Fifty years ago President Lyndon B. Johnson asked Sargent Shriver to lead his “War on Poverty.” Sarge understood the scope of this ambitious undertaking. He explained that “if the War on Poverty means anything, it is a statement that we must look, not just to the poor–but to the whole cloth too–and even to the loom. The whole fabric of our society must be rewoven, and the patterns we must weave are patterns of justice, opportunity, dignity, and mutual respect.”
In 1964, Americans had a powerful can-do spirit about what could be accomplished through a collective national effort. They had seen the country conduct major public works projects to provide employment during the Depression, bring electricity to the countryside, win a world war, rebuild Europe, confront the Soviet threat, and commit to an effort to reach the moon. Revelations about Appalachian and inner-city poverty had shocked a self-satisfied country lulled by the 1950s-era image of suburban prosperity. After President John Kennedy’s assassination, Johnson sensed the country and Congress were ready to follow through on Kennedy-inspired initiatives. Johnson seized the moment to declare a national, tax-supported, multi-pronged War on Poverty.
America is a different place now. We have gone through Viet Nam and Watergate and many other episodes that drained confidence in government. President Reagan led an ascendant conservatism devoted in large part to undermining public confidence in government. A newer wave of conservative ideology blames the poor and resists public efforts to address poverty; it sees such efforts as affronts to the personal freedom of those with wealth whose tax dollars might support those efforts.
The War on Poverty declared by Johnson and overseen by Shriver has brought dignity and hope to countless millions of Americans. According to the experts, without federal anti-poverty programs the current poverty rate would be 26 percent, not 16 percent (the Supplemental Poverty Measure, which takes into account non-cash benefits such as food stamps and tax credits for working families). Infant mortality rates have plummeted, malnutrition has all but disappeared, and there are no longer parts of Appalachia that are without electricity and indoor plumbing.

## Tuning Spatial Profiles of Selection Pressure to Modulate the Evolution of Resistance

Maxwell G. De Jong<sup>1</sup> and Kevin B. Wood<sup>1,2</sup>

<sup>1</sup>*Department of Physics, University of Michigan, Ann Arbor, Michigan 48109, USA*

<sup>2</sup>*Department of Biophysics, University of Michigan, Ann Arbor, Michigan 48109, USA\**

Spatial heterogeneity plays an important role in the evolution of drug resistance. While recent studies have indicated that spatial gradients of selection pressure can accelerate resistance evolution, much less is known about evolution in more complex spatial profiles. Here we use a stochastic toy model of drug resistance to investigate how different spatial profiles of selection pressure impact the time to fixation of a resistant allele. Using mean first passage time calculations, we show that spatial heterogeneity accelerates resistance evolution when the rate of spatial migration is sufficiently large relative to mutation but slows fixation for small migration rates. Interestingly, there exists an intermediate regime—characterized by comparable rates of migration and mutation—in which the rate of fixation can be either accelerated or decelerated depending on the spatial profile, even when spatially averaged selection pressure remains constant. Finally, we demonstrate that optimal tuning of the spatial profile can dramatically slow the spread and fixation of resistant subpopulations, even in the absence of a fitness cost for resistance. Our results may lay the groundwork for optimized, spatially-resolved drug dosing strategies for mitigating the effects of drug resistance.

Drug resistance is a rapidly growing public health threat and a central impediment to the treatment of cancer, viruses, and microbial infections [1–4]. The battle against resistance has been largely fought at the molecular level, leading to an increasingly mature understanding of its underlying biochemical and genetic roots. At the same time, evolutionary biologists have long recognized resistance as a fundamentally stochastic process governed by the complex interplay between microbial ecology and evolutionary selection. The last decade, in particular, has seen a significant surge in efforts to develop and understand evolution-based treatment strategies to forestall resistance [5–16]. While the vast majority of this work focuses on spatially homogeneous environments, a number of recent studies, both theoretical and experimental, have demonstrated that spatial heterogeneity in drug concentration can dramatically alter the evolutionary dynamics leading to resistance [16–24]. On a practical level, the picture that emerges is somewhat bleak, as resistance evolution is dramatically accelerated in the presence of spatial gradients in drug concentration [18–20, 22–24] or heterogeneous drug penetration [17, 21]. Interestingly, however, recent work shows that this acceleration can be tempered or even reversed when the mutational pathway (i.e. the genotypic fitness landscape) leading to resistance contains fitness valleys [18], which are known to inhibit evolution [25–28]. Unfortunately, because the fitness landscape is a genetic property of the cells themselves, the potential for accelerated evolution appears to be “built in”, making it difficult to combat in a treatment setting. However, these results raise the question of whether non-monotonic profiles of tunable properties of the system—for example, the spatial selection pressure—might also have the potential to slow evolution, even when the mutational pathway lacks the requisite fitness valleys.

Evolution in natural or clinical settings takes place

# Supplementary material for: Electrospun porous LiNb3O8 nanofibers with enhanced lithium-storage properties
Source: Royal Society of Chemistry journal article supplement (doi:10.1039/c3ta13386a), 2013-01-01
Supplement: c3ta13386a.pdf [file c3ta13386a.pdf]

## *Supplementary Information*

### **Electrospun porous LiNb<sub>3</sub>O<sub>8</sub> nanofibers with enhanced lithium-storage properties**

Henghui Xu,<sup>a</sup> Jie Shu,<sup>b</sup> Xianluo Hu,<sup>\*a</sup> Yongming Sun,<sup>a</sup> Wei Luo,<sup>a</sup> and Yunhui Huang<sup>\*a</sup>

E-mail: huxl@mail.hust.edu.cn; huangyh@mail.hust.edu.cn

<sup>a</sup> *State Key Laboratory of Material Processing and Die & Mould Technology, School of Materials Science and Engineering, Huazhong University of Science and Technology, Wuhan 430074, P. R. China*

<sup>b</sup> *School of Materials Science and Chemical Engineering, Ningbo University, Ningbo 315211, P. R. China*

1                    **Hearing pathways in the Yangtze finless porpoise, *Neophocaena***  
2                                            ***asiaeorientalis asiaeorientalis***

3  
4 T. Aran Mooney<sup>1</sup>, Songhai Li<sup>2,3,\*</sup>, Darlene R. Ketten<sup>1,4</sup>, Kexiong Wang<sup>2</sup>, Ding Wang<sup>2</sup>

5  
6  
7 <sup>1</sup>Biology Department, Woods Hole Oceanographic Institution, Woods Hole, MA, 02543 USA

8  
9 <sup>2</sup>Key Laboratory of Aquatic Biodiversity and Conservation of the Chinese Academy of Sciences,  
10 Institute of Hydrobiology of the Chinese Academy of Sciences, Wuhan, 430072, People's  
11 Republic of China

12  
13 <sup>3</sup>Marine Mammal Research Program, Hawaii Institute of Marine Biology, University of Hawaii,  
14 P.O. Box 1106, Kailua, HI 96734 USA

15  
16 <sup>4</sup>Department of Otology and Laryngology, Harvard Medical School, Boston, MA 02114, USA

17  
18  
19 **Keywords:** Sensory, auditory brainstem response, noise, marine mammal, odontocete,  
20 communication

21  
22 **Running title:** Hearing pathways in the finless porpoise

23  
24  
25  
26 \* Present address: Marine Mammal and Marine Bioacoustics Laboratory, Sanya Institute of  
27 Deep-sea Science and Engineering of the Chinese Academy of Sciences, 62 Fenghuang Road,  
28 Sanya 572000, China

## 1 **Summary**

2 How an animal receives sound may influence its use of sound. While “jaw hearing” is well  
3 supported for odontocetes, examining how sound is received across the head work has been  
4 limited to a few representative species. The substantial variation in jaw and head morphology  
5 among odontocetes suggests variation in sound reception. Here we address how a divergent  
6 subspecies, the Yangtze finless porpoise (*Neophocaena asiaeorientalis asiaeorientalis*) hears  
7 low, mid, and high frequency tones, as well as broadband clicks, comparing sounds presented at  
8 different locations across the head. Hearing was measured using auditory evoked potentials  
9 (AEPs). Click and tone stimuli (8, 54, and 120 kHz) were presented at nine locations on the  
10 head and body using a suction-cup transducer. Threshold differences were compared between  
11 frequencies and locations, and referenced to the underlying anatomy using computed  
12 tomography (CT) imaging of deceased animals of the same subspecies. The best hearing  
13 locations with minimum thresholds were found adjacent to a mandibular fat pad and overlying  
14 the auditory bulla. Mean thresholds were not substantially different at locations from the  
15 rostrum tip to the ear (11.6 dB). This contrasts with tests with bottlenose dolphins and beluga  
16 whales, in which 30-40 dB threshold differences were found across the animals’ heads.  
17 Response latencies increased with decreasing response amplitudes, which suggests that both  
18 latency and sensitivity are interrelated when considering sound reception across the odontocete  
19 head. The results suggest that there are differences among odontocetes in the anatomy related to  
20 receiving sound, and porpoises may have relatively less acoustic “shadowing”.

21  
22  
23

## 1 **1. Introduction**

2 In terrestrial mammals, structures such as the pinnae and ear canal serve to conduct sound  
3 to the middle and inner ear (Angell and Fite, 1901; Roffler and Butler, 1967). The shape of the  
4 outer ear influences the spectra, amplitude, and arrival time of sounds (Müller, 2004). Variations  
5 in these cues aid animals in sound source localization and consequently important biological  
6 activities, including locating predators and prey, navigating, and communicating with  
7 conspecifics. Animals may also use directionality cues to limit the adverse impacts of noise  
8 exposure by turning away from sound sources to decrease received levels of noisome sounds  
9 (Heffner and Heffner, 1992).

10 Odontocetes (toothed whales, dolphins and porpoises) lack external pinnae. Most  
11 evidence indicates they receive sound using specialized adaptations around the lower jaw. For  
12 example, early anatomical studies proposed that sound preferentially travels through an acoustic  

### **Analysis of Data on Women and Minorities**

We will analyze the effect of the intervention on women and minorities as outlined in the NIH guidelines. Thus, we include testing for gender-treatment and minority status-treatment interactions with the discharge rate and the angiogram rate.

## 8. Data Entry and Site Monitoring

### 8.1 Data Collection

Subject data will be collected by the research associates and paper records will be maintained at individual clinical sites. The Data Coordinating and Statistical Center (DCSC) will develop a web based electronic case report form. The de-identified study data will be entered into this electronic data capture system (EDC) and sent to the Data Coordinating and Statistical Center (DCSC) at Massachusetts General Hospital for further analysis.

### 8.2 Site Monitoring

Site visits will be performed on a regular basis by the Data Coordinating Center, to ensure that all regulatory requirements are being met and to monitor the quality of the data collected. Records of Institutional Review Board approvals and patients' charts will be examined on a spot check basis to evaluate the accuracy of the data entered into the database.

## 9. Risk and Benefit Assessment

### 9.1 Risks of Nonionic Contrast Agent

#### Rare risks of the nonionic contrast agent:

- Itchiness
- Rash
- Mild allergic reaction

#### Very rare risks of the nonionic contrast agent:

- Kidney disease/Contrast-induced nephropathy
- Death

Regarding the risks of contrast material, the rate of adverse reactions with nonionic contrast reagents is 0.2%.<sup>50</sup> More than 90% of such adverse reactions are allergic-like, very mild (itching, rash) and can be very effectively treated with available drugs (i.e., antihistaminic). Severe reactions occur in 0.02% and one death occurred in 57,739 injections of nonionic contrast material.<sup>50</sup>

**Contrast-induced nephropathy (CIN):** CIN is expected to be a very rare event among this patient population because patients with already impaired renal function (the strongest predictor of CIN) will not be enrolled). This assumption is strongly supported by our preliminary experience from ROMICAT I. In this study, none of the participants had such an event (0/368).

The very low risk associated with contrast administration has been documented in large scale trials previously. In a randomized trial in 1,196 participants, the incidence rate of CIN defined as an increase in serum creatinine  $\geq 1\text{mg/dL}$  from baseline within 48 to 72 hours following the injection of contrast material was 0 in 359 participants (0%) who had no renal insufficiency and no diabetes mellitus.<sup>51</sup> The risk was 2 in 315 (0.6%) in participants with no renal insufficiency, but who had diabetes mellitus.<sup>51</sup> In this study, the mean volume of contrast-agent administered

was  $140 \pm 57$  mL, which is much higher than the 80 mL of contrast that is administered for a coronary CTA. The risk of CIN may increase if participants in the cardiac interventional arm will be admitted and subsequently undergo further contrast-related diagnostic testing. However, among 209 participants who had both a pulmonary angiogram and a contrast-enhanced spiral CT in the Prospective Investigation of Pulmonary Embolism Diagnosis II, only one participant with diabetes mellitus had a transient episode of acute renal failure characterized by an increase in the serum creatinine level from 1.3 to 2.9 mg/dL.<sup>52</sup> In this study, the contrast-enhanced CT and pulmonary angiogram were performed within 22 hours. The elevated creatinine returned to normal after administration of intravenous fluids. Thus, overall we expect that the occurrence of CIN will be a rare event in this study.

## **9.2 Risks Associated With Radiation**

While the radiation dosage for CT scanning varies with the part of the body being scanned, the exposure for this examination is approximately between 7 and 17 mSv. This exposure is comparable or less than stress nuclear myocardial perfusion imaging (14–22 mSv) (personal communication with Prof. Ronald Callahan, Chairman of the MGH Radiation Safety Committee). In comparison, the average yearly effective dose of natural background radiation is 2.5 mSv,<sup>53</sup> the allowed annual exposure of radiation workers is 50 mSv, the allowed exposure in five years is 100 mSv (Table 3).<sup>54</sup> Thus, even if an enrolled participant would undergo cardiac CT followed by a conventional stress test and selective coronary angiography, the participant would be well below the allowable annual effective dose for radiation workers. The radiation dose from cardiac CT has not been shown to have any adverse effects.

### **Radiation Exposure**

Still, few would say that we have succeeded in reweaving the fabric of our society with patterns of justice, opportunity, dignity and mutual respect. Rather, a significant portion of the body politic shrugs off any collective responsibility for poverty and categorically opposes any tax-supported public campaign to address poverty. This has played out in recent weeks in the House of Representatives’ attempt to slash funding for the Supplemental Nutrition Assistance Program (formerly food stamps), which lifts 4 million Americans out of poverty annually, and now in their efforts to end extended unemployment benefits, which would drive millions more into poverty.
Nevertheless, at this 50th anniversary of the declaration of the War on Poverty, hopeful signs of change are on the horizon. The Affordable Care Act is the most significant anti-poverty measure enacted since the War on Poverty, bringing the promise of health insurance coverage to 50 million uninsured Americans. There is a growing crescendo of concern about what President Obama recently called “the defining challenge of our times,” the “dangerous and growing inequality and lack of upward mobility” in our society, which he said “pose a fundamental threat to the American Dream” and “our way of life.”
Still, more than one in every five children are poor, violence plagues our neighborhoods, and the most vulnerable among us, including the mentally ill, the developmentally disabled, and the substance addicted, do not get the help and support they need. Programs with demonstrated cost effectiveness in creating ladders of opportunity such as universal preschool, college aid, and child care assistance are underfunded. There is still much work to be done. Our leadership must continuously take on the challenge of ending poverty, and deliver a consistent message of mutual responsibility and collective effort, that provides a basic level of support and real opportunities to advance for all Americans.
John Bouman is president and Dan Lesser is director of Economic Justice at the Sargent Shriver National Center on Poverty Law in Chicago.